Tuesday, 19 January 2010
Interview with Martin Rieser
Nataša Milić-Frayling, Martin Rieser
The Art of Mobility
author: Martin Rieser, Faculty of Art and Design, De Montfort University
Screen cultures today are dominated by narrative and its modes of framing. The advent of “Pervasive” or “Ubiquitous” media such as mobile smartphones with GPS sensing means that new dispersed forms of narrative interaction are now possible for the public. The convergence of mobile technologies and ubiquitous computing are creating a world where information-rich environments may be mapped directly onto urban topologies. Dispersed forms of interaction raise intriguing new questions about the nature of narrative and communication, particularly in relation to modes of audience’s participation and reception.
This new and experimental work, so far undertaken in the arena of interactive public art or spatialised interaction through mobile technologies, is in pressing need of exploration, definition, and documentation. Emergent technologies of interaction and the changing nature of public interactive engagement present a radical challenge to Western narrative and its vehicles and traditions. Boundaries between established forms (i.e., games and cinema) are thrown into question and the very concept of creative authorship becomes problematic. Whilst other emerging technologies are already redefining existing forms of screen‐based exhibition and reception (interactive television and digital cinema), they still tie down the audience in relation to the screen. Locative technology blurs the borders between physical and virtual space, leading to the redefinition of the concept of the virtual from that of simulation to that of augmentation.
This poses a series of questions around changing concepts of space and place for a wide range of traditional disciplines, ranging from Anthropology, Art and Architecture, Computer Studies, Cultural and Media Studies, Fashion to Graphic design. The talk will be illustrated by examples from Rieser's recent practice, including The Third Woman interactive mobile film.
Use mum09 as name and password to view lecture at http://videolectures.net/mum09_rieser_aofm/
We are looking for someone with a degree in either Multimedia Design, Design Management or Media Studies (min. 2:1) who will drive this exciting social media marketing project forward. The successful candidate will investigate, design and implement new media strategies to increase awareness and support income generation activities at Rainbows Hospice for Children and Young People. The project will also involve embedding new media within the Trust’s services.
For more information and application pack at http://bit.ly/5kMQDw.
Deadline for applications is 5 February 2010.
Sunday, 17 January 2010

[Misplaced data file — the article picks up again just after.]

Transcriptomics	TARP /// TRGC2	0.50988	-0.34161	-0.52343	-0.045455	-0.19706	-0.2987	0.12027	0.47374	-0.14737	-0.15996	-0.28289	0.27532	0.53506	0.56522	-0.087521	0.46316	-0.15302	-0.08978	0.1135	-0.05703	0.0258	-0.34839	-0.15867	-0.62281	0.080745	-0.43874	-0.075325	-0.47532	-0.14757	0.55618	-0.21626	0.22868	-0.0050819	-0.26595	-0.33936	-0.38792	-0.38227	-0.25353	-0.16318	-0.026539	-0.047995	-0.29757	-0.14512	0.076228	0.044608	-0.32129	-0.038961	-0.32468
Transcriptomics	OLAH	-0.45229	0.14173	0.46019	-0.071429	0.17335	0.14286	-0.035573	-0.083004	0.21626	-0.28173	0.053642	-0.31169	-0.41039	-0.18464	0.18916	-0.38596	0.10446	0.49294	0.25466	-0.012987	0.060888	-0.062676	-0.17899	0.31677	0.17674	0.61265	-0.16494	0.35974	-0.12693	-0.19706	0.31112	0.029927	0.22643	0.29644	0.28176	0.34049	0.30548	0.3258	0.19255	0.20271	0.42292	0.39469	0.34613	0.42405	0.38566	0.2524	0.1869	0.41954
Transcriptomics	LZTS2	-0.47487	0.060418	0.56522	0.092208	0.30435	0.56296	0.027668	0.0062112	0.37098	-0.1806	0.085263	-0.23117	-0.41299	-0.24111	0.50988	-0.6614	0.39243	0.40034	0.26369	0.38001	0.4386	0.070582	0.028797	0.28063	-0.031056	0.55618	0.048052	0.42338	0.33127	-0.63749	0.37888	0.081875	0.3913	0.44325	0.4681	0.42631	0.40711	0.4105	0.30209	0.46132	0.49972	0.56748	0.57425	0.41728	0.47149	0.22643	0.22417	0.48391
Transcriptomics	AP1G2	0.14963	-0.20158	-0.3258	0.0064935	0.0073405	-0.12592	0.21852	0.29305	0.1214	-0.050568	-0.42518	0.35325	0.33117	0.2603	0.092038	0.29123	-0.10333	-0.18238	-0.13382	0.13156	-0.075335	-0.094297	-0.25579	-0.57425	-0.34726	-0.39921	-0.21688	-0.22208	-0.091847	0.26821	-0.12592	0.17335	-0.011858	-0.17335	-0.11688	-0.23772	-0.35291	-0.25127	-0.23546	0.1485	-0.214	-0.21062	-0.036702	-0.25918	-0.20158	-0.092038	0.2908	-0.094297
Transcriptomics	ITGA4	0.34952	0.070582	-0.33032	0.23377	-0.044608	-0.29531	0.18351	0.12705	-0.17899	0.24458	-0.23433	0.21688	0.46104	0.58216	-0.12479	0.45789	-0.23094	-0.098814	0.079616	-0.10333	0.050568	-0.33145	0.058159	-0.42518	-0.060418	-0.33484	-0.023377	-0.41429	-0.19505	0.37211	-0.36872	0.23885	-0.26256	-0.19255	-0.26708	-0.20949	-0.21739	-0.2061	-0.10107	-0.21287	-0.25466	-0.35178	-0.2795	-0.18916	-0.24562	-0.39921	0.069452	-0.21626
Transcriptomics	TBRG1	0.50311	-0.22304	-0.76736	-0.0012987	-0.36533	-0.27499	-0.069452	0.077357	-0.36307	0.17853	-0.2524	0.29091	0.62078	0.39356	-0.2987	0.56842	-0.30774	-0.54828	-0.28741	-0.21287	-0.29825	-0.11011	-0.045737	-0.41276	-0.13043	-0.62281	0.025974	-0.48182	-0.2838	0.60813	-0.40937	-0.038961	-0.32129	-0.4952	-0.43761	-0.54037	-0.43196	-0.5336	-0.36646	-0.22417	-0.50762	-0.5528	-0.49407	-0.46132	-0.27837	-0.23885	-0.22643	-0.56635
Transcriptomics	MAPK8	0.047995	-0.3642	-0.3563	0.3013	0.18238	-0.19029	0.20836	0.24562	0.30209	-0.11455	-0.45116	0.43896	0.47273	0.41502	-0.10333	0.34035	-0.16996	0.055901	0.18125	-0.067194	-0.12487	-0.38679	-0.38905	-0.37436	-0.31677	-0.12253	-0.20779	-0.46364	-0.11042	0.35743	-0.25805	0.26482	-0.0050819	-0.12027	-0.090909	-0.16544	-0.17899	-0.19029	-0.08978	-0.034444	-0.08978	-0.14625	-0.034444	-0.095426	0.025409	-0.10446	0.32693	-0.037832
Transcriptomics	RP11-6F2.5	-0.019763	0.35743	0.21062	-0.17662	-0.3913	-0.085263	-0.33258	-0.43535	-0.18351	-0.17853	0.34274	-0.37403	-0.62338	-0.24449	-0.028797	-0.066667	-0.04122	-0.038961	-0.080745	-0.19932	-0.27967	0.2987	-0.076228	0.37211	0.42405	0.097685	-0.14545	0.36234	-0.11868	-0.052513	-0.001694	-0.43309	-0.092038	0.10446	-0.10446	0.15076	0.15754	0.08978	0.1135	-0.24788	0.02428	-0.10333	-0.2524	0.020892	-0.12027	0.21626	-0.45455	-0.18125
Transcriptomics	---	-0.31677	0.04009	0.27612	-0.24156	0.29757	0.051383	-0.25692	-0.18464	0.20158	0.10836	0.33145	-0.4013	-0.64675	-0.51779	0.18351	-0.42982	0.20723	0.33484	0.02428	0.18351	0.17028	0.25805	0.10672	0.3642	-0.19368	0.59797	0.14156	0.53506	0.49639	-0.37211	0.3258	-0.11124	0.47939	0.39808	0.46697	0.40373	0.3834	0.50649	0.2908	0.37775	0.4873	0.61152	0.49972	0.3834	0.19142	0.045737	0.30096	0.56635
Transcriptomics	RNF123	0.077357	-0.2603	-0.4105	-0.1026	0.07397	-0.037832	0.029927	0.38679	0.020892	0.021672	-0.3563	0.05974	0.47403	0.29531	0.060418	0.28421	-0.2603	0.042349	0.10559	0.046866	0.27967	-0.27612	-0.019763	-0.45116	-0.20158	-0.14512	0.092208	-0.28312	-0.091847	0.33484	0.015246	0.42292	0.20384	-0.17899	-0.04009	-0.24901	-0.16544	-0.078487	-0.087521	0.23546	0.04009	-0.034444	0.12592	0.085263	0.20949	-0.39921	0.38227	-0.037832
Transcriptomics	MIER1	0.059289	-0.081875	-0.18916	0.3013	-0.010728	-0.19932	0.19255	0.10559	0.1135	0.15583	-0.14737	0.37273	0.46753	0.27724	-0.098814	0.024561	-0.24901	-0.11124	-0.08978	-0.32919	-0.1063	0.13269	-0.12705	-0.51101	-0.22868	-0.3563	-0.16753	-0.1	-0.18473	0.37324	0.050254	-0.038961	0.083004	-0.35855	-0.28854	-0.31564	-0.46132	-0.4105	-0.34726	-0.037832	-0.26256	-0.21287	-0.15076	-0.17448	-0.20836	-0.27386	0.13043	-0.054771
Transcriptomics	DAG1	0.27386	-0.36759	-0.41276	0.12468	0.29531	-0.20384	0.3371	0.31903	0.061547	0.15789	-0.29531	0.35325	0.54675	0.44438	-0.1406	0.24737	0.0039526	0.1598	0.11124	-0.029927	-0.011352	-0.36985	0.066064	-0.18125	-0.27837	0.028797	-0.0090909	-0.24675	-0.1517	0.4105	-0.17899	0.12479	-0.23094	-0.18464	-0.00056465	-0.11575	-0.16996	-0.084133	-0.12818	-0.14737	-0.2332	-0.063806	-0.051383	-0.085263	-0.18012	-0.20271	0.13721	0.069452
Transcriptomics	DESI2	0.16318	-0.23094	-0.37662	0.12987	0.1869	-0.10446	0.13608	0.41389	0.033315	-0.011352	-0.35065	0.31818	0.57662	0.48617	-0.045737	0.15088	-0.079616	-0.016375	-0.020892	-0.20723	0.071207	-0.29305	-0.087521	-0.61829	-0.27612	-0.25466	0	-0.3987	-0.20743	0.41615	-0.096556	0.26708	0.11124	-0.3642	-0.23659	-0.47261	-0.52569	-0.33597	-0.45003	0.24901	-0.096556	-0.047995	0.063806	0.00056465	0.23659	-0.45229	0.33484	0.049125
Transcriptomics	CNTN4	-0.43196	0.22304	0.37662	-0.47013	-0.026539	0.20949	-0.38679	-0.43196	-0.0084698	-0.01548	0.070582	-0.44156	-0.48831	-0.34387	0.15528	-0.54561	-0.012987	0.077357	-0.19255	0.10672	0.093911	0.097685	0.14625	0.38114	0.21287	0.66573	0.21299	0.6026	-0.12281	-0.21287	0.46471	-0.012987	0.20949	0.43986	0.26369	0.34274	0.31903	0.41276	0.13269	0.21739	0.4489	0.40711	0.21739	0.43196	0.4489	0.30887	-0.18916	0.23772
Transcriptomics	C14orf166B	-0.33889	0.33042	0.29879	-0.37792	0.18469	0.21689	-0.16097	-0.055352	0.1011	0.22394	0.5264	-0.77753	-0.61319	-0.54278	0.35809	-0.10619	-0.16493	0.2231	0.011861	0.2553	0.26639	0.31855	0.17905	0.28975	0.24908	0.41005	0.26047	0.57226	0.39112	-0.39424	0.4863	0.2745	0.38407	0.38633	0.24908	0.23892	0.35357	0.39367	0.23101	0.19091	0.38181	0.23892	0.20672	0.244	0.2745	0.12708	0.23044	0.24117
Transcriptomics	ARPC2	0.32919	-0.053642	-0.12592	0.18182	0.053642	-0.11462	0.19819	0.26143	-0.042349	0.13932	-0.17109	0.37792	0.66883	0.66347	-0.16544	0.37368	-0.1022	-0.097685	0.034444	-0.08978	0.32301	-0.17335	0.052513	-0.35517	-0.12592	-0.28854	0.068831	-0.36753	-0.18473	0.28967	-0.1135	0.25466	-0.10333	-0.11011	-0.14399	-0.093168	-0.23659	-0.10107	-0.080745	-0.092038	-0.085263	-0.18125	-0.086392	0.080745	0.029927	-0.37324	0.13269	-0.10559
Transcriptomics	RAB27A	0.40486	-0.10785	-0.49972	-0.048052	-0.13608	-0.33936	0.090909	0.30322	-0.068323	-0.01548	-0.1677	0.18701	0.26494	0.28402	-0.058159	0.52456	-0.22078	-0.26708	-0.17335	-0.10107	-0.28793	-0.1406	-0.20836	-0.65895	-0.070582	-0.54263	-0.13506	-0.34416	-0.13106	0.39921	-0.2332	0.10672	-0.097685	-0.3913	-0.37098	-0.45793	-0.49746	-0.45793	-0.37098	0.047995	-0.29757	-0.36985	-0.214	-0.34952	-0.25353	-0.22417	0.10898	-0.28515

By Steve Gibson, Justin Love and Jim Olson
Note: Grand Theft Bicycle is currently installed in the IOCT lab. If anyone would like to take a spin please mail me on email@example.com
Grand Theft Bicycle is a "game art" installation that uses the kinetic interface of a bike – modified with sensors – to allow users to ride through a 3D “mod” of a video game (Grand Theft Auto: San Andreas). Set in a desert environment, Grand Theft Bicycle immerses the user into a chaotic battlefield. The original GTA game has been modified to include political leaders of various stripes. The user can choose to side with one group of politicians (or not).
Grand Theft Bicycle (GTB) is part of a growing genre of game art, that includes artists such as Wafaa Bilal. In short, game art uses the forms and techniques of commercial gaming, but inverts normally banal or uncritical gaming content to include critical, ironic reflections on issues such as the nature of violence in media culture.
Our view of game art is that it should also function extremely well as a game. In direct contrast to some other previous game art attempts, the piece is intended to work (on the surface at least) as a traditional shooter game, with all the violence and mayhem that shooter games generally employ. The use of the traditional first-person shooter model gives the piece an “in” with gamers. Given the familiar shooter format, subversive elements are more easy to sneak into the game.
Another concern that I wanted to address in GTB was the generally sedentary nature of gaming culture. This has changed somewhat in recent years with the advent of the Wii, but in general most game culture remains profoundly “unphysical.” (even Wii usage is dominated by bowling and golf, both unlikely to get a good heart-rate going). To play GTB you need to ride our sensor-modified bike. Inaction will produce very few results. What is interesting to observe is that people of all sizes and shapes will play the game for extended periods (often up to 45 minutes), whereas normally it would be extremely unlikely for most of the gaming public to get on an exercise bike for similar periods of time.
In short, GTB is an odd mix of tactical media, first-person shooter and aerobics. There is an element of absurdism to the mix, but from my observations of literally hundreds of riders the mix works extremely well for most users.
For further information please see: